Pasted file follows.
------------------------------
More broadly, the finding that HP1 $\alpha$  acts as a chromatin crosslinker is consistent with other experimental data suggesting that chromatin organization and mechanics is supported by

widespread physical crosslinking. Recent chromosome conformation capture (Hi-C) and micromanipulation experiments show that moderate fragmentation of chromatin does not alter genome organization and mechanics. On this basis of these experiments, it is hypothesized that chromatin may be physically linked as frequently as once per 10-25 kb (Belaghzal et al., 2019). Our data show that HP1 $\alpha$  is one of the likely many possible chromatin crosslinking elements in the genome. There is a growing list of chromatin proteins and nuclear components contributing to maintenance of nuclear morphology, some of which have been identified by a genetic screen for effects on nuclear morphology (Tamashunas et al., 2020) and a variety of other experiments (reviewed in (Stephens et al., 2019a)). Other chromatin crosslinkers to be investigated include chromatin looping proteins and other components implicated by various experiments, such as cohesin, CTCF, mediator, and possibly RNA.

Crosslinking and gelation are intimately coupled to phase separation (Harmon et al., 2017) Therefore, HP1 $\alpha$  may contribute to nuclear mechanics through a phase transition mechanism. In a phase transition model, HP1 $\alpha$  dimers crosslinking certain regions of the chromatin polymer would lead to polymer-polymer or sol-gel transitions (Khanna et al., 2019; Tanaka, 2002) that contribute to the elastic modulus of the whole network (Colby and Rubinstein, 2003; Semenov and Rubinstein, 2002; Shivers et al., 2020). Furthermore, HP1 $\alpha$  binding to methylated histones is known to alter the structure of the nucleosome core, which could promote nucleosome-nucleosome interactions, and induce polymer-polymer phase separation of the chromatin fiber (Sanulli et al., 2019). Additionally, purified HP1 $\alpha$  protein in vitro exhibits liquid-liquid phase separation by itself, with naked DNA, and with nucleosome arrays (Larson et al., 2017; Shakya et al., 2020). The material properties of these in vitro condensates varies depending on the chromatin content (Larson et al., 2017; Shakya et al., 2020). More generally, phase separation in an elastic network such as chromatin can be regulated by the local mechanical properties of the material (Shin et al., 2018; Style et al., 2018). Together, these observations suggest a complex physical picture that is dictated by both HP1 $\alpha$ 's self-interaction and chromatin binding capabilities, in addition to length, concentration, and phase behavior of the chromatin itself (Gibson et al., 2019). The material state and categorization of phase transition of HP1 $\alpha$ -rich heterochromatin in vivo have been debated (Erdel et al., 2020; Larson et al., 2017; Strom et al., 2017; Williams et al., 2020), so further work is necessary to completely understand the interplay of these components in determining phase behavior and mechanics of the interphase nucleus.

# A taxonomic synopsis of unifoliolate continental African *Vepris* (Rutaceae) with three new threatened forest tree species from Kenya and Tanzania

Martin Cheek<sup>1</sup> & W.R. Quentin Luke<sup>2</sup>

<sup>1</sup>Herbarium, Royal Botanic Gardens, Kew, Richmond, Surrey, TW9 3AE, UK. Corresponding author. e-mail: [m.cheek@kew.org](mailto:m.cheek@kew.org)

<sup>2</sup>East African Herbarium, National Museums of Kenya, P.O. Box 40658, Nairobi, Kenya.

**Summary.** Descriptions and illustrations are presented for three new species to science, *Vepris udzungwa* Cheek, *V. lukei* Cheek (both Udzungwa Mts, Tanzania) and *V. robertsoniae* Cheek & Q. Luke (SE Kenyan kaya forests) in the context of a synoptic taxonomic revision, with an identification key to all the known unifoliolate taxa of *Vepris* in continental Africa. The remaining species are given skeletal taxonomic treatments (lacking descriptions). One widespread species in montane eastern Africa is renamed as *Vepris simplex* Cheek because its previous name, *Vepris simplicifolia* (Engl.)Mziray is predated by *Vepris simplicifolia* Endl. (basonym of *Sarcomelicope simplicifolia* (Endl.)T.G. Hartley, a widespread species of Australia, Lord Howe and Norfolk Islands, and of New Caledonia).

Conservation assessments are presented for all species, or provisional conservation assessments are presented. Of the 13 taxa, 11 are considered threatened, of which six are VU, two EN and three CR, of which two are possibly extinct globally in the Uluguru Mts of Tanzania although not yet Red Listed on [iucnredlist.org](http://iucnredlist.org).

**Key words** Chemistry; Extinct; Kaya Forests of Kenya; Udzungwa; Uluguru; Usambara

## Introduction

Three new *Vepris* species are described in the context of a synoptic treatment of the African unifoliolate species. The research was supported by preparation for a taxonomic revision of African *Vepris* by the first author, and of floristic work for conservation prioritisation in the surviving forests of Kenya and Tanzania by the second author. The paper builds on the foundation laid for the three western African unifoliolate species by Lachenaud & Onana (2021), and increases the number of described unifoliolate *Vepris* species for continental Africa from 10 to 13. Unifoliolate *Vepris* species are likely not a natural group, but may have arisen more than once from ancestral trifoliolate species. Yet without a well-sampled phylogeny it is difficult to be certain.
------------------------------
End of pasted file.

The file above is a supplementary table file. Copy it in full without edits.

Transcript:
More broadly, the finding that HP1 $\alpha$  acts as a chromatin crosslinker is consistent with other experimental data suggesting that chromatin organization and mechanics is supported by

widespread physical crosslinking. Recent chromosome conformation capture (Hi-C) and micromanipulation experiments show that moderate fragmentation of chromatin does not alter genome organization and mechanics. On this basis of these experiments, it is hypothesized that chromatin may be physically linked as frequently as once per 10-25 kb (Belaghzal et al., 2019). Our data show that HP1 $\alpha$  is one of the likely many possible chromatin crosslinking elements in the genome. There is a growing list of chromatin proteins and nuclear components contributing to maintenance of nuclear morphology, some of which have been identified by a genetic screen for effects on nuclear morphology (Tamashunas et al., 2020) and a variety of other experiments (reviewed in (Stephens et al., 2019a)). Other chromatin crosslinkers to be investigated include chromatin looping proteins and other components implicated by various experiments, such as cohesin, CTCF, mediator, and possibly RNA.

Crosslinking and gelation are intimately coupled to phase separation (Harmon et al., 2017) Therefore, HP1 $\alpha$  may contribute to nuclear mechanics through a phase transition mechanism. In a phase transition model, HP1 $\alpha$  dimers crosslinking certain regions of the chromatin polymer would lead to polymer-polymer or sol-gel transitions (Khanna et al., 2019; Tanaka, 2002) that contribute to the elastic modulus of the whole network (Colby and Rubinstein, 2003; Semenov and Rubinstein, 2002; Shivers et al., 2020). Furthermore, HP1 $\alpha$  binding to methylated histones is known to alter the structure of the nucleosome core, which could promote nucleosome-nucleosome interactions, and induce polymer-polymer phase separation of the chromatin fiber (Sanulli et al., 2019). Additionally, purified HP1 $\alpha$  protein in vitro exhibits liquid-liquid phase separation by itself, with naked DNA, and with nucleosome arrays (Larson et al., 2017; Shakya et al., 2020). The material properties of these in vitro condensates varies depending on the chromatin content (Larson et al., 2017; Shakya et al., 2020). More generally, phase separation in an elastic network such as chromatin can be regulated by the local mechanical properties of the material (Shin et al., 2018; Style et al., 2018). Together, these observations suggest a complex physical picture that is dictated by both HP1 $\alpha$ 's self-interaction and chromatin binding capabilities, in addition to length, concentration, and phase behavior of the chromatin itself (Gibson et al., 2019). The material state and categorization of phase transition of HP1 $\alpha$ -rich heterochromatin in vivo have been debated (Erdel et al., 2020; Larson et al., 2017; Strom et al., 2017; Williams et al., 2020), so further work is necessary to completely understand the interplay of these components in determining phase behavior and mechanics of the interphase nucleus.

# A taxonomic synopsis of unifoliolate continental African *Vepris* (Rutaceae) with three new threatened forest tree species from Kenya and Tanzania

Martin Cheek<sup>1</sup> & W.R. Quentin Luke<sup>2</sup>

<sup>1</sup>Herbarium, Royal Botanic Gardens, Kew, Richmond, Surrey, TW9 3AE, UK. Corresponding author. e-mail: [m.cheek@kew.org](mailto:m.cheek@kew.org)

<sup>2</sup>East African Herbarium, National Museums of Kenya, P.O. Box 40658, Nairobi, Kenya.

**Summary.** Descriptions and illustrations are presented for three new species to science, *Vepris udzungwa* Cheek, *V. lukei* Cheek (both Udzungwa Mts, Tanzania) and *V. robertsoniae* Cheek & Q. Luke (SE Kenyan kaya forests) in the context of a synoptic taxonomic revision, with an identification key to all the known unifoliolate taxa of *Vepris* in continental Africa. The remaining species are given skeletal taxonomic treatments (lacking descriptions). One widespread species in montane eastern Africa is renamed as *Vepris simplex* Cheek because its previous name, *Vepris simplicifolia* (Engl.)Mziray is predated by *Vepris simplicifolia* Endl. (basonym of *Sarcomelicope simplicifolia* (Endl.)T.G. Hartley, a widespread species of Australia, Lord Howe and Norfolk Islands, and of New Caledonia).

Conservation assessments are presented for all species, or provisional conservation assessments are presented. Of the 13 taxa, 11 are considered threatened, of which six are VU, two EN and three CR, of which two are possibly extinct globally in the Uluguru Mts of Tanzania although not yet Red Listed on [iucnredlist.org](http://iucnredlist.org).

**Key words** Chemistry; Extinct; Kaya Forests of Kenya; Udzungwa; Uluguru; Usambara

## Introduction

Three new *Vepris* species are described in the context of a synoptic treatment of the African unifoliolate species. The research was supported by preparation for a taxonomic revision of African *Vepris* by the first author, and of floristic work for conservation prioritisation in the surviving forests of Kenya and Tanzania by the second author. The paper builds on the foundation laid for the three western African unifoliolate species by Lachenaud & Onana (2021), and increases the number of described unifoliolate *Vepris* species for continental Africa from 10 to 13. Unifoliolate *Vepris* species are likely not a natural group, but may have arisen more than once from ancestral trifoliolate species. Yet without a well-sampled phylogeny it is difficult to be certain.